The following is an excerpt from my upcoming e-book, Essential Composition: A Guide for the Perplexed. I’ll make an announcement post here on June 12, the date of its release.

I’m sure you’ve heard – or perhaps you’ve uttered it yourself – that it feels as if you can “walk right into” a certain photograph. What characteristic gives the viewer an invitation to be pulled into the image and become a participant in it? More often than not, it’s the successful use of leading lines.

The use of leading lines is powerful compositional tool that helps the photographer “lead” the viewer’s eye and attention toward the focal point of the image. Lines also help give an image structure and establish flow and direction, keeping it from becoming visually static.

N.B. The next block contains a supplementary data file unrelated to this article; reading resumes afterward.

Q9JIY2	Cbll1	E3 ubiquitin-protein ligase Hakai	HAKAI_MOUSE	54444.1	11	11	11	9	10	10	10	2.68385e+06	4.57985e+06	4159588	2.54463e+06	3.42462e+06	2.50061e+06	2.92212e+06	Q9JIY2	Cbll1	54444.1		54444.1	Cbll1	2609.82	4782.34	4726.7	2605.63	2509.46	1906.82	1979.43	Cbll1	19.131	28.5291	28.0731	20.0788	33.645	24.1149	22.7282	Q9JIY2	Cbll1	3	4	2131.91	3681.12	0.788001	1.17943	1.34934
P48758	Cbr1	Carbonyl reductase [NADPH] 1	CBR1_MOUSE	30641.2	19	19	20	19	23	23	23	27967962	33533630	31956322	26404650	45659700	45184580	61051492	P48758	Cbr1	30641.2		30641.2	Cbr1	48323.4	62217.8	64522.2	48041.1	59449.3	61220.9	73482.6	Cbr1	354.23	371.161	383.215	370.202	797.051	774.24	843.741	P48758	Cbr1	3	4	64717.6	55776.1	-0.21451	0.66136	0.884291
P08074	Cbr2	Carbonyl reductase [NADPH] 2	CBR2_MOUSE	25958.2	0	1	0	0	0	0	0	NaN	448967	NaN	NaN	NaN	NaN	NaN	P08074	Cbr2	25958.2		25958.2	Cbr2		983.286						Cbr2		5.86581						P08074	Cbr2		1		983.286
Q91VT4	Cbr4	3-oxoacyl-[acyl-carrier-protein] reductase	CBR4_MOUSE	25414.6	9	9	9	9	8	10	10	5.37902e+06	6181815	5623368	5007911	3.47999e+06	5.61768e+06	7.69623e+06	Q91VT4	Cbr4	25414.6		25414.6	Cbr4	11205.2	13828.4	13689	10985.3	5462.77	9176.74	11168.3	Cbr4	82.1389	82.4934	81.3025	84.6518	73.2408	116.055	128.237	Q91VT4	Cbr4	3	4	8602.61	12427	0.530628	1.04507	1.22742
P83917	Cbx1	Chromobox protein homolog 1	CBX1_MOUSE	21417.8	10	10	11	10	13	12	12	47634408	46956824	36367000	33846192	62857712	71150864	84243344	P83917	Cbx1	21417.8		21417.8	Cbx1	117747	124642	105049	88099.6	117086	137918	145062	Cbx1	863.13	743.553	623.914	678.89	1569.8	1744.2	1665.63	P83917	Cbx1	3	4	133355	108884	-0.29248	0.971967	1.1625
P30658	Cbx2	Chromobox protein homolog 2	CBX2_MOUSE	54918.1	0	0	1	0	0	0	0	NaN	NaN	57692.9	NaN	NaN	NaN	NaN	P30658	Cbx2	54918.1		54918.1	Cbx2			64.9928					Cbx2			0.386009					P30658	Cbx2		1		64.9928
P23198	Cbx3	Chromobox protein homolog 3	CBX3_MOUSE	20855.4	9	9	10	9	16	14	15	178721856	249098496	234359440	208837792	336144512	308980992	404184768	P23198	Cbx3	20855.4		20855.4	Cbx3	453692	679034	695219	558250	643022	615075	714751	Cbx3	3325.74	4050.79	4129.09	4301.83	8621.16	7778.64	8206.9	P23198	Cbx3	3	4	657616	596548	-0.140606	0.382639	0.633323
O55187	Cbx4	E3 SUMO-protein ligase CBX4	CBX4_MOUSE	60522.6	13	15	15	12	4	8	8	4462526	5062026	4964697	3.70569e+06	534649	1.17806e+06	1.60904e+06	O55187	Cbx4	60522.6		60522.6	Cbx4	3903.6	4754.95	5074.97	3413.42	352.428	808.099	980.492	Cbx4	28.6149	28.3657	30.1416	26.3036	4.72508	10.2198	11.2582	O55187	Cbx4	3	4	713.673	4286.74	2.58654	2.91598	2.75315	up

Leading lines control and manipulate the visual experience by pulling the viewer on a dynamic journey through the scene in the very specific way that the photographer intends; near to far, up or down, from corner to corner. All the while, the viewer’s eye is moving, stopping only when it reaches the photographer’s pre-designed, intended resting place. The lines can be horizontal, vertical, or diagonal, straight or curved, literal or merely implied. As long as they are purposeful and meet the intentions of the photographer, they can be useful in giving the image dynamic flow.

The release date of Essential Composition: A Guide for the Perplexed is June 12 and will be available for download in the Earth and Light e-store.